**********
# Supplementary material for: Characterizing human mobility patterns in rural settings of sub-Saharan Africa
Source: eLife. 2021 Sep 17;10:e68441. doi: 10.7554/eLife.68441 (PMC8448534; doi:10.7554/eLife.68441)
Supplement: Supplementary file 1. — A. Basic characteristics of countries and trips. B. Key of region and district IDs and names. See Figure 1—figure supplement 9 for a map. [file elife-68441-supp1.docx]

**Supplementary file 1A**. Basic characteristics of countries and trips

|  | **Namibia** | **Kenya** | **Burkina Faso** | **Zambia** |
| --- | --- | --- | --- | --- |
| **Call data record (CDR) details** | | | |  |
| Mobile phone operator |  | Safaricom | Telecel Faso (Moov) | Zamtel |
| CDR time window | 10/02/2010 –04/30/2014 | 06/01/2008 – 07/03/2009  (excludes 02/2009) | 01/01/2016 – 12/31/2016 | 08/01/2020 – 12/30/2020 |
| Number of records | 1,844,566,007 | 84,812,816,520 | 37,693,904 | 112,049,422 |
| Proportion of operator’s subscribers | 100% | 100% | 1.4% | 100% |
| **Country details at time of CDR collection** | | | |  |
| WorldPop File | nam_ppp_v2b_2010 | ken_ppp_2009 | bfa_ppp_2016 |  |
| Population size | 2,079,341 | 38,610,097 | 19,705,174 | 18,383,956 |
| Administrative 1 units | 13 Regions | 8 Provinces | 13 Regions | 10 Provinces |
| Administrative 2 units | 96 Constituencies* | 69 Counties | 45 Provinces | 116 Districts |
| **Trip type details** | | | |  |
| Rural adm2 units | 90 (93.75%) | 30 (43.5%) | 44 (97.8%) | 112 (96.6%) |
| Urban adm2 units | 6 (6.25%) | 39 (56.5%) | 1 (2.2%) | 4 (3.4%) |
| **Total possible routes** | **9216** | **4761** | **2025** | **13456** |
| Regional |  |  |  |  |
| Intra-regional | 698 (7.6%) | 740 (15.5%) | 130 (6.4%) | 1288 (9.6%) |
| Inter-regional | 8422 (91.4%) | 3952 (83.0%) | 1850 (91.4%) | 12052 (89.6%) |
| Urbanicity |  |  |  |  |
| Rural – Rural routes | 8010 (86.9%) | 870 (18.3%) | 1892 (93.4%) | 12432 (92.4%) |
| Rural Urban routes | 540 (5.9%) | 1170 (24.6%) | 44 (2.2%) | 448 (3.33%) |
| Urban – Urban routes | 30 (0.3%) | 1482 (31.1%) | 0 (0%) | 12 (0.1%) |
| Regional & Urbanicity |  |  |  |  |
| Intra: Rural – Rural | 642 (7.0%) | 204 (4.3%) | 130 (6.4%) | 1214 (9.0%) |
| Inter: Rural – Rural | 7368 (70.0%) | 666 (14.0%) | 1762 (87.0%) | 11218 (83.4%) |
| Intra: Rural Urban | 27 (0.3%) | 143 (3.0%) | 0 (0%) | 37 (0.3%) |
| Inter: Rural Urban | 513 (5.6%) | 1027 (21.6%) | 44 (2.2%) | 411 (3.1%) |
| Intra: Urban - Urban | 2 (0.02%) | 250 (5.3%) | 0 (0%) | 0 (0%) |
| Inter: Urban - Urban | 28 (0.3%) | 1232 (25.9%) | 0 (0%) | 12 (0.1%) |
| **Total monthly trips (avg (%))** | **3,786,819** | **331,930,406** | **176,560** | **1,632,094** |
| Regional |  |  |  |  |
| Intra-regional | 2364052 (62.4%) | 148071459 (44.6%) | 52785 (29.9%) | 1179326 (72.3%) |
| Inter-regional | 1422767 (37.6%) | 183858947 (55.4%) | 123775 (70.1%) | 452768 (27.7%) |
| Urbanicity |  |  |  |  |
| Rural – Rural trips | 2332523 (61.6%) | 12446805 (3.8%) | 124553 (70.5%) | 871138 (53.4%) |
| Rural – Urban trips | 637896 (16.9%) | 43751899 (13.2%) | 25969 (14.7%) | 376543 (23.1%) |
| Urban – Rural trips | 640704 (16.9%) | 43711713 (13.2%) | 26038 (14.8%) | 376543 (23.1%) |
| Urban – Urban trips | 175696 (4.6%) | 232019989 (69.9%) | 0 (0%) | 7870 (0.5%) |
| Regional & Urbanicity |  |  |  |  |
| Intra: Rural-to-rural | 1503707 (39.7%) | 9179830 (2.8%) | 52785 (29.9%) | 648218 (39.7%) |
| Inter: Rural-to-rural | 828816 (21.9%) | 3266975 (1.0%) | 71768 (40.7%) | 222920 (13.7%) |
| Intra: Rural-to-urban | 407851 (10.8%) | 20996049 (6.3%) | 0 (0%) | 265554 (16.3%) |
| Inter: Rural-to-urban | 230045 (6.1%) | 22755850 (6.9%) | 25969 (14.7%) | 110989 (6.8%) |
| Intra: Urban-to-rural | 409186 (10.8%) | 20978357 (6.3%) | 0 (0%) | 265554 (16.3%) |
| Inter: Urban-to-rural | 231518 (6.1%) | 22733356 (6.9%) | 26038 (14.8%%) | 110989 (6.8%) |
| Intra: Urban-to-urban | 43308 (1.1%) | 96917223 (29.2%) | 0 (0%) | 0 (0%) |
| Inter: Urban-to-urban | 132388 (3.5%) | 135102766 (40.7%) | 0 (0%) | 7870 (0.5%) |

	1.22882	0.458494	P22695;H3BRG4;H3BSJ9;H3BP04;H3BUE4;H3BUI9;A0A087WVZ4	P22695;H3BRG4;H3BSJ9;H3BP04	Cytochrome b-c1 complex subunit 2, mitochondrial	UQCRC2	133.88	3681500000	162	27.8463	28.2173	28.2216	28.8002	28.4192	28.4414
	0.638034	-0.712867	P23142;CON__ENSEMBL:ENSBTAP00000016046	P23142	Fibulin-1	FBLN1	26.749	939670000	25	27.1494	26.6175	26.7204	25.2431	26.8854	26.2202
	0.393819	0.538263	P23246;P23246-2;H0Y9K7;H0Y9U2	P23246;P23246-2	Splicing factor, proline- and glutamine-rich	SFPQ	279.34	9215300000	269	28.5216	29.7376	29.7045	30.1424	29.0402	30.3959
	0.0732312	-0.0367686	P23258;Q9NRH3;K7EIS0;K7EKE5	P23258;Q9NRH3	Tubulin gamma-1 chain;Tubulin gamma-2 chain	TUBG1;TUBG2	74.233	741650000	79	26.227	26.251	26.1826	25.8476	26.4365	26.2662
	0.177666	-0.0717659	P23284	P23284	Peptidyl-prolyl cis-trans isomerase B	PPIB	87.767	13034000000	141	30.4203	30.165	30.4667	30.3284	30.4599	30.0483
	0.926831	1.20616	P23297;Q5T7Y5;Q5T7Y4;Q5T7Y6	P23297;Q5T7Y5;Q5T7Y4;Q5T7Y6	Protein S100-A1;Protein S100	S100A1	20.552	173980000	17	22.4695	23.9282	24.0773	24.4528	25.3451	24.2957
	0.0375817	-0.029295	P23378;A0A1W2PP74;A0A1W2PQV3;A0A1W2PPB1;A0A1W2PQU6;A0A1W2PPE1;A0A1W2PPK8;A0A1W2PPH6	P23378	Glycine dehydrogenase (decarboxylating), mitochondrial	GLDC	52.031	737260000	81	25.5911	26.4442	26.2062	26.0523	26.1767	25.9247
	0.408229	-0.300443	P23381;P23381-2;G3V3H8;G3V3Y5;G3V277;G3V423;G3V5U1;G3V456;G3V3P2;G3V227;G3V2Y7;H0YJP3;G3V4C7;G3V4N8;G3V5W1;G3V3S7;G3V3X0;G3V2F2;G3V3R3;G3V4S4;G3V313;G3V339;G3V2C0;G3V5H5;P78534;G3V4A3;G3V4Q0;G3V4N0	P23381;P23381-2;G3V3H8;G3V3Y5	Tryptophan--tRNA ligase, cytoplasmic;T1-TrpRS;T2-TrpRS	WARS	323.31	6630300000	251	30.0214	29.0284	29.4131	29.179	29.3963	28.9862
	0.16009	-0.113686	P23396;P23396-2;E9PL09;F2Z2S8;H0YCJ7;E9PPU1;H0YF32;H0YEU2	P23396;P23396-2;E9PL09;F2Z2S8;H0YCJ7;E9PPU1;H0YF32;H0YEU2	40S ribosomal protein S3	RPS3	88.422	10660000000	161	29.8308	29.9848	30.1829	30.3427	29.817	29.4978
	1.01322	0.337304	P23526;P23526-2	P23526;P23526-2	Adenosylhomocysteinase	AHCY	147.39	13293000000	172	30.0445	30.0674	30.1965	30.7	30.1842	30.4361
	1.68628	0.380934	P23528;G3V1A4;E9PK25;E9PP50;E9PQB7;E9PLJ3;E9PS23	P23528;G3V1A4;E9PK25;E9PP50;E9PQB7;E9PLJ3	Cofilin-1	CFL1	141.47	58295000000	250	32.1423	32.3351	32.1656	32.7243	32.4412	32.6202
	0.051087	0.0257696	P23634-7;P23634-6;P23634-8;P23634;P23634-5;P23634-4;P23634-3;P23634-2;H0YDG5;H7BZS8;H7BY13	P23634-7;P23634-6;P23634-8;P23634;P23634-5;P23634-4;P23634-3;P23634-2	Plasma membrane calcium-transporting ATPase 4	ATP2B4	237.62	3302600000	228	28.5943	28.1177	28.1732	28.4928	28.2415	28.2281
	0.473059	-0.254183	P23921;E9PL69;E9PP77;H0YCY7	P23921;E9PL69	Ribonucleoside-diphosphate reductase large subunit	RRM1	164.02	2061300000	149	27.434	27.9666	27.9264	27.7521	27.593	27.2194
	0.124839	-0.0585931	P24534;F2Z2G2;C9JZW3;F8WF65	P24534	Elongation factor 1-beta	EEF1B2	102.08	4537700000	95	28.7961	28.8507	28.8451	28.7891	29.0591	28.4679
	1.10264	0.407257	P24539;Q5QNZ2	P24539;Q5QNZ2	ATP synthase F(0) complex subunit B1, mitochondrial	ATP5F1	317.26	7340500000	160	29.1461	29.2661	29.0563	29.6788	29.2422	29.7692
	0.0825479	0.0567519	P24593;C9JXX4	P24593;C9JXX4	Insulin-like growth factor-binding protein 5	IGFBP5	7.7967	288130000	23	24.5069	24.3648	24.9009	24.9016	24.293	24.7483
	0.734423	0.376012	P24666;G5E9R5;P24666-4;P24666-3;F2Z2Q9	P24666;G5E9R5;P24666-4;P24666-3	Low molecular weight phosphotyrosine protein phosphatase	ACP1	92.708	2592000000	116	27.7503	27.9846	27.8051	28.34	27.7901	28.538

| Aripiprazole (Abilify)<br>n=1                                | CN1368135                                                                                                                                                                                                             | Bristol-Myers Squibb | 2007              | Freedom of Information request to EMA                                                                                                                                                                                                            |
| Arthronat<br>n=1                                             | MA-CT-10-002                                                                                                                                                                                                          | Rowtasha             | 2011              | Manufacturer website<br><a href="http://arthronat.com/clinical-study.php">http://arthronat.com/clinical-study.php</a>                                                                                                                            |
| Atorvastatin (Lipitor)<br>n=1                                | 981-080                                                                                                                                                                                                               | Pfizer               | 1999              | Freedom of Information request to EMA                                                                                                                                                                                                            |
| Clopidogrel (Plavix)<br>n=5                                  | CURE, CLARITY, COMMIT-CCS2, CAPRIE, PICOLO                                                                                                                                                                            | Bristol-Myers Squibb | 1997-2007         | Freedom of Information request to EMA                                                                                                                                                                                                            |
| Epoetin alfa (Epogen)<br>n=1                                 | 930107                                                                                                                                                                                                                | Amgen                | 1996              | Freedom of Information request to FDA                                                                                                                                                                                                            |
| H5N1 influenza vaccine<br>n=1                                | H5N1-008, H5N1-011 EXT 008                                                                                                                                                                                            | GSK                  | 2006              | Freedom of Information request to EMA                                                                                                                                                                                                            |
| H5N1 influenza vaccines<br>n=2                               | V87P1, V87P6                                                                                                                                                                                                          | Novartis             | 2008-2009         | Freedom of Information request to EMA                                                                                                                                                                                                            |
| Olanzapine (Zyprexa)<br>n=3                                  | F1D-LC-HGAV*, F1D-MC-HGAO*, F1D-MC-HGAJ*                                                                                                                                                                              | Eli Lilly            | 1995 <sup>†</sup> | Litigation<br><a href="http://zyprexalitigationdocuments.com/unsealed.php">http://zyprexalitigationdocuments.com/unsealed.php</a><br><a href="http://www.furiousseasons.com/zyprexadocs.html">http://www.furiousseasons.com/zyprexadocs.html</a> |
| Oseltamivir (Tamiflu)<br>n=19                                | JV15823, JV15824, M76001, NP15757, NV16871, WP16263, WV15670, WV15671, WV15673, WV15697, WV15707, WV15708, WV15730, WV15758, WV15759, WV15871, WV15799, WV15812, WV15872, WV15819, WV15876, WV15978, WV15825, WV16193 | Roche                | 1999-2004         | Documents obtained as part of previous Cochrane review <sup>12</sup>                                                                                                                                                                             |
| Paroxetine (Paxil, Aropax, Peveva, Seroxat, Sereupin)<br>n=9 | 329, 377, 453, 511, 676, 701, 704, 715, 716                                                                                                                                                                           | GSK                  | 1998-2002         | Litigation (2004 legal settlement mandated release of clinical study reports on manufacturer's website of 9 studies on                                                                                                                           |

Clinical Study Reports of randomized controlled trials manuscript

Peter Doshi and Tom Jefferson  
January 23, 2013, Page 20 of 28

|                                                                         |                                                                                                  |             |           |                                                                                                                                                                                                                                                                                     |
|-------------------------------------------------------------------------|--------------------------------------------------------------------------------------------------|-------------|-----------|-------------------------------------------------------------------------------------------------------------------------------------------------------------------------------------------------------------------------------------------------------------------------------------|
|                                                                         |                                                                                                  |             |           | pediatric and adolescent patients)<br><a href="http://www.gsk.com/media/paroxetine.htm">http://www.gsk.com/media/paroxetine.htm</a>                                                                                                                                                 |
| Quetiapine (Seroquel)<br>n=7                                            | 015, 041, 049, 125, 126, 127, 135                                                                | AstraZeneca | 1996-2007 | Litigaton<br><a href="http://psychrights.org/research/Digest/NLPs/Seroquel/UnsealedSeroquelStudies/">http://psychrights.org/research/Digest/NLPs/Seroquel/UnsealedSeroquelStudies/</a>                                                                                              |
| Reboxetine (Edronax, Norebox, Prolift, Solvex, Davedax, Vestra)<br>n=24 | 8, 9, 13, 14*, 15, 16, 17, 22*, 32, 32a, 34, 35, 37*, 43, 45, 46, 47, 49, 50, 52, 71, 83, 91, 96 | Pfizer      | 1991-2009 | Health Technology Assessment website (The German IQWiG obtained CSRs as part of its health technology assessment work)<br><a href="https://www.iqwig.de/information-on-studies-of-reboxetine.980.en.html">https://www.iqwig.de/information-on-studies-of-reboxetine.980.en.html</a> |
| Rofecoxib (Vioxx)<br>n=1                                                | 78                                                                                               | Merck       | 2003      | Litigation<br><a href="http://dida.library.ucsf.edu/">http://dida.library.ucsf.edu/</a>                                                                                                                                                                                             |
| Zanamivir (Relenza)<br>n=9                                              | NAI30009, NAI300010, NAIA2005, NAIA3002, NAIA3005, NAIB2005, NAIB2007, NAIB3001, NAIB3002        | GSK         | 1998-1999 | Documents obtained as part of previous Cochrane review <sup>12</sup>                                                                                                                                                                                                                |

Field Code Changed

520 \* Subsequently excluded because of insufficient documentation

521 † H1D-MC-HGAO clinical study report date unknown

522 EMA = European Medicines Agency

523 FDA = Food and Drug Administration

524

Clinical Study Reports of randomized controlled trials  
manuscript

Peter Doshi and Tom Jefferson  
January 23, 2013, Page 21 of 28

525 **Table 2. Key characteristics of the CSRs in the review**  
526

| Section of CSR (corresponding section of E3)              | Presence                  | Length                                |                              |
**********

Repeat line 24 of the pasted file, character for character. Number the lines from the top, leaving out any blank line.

| Urbanicity |  |  |  |  |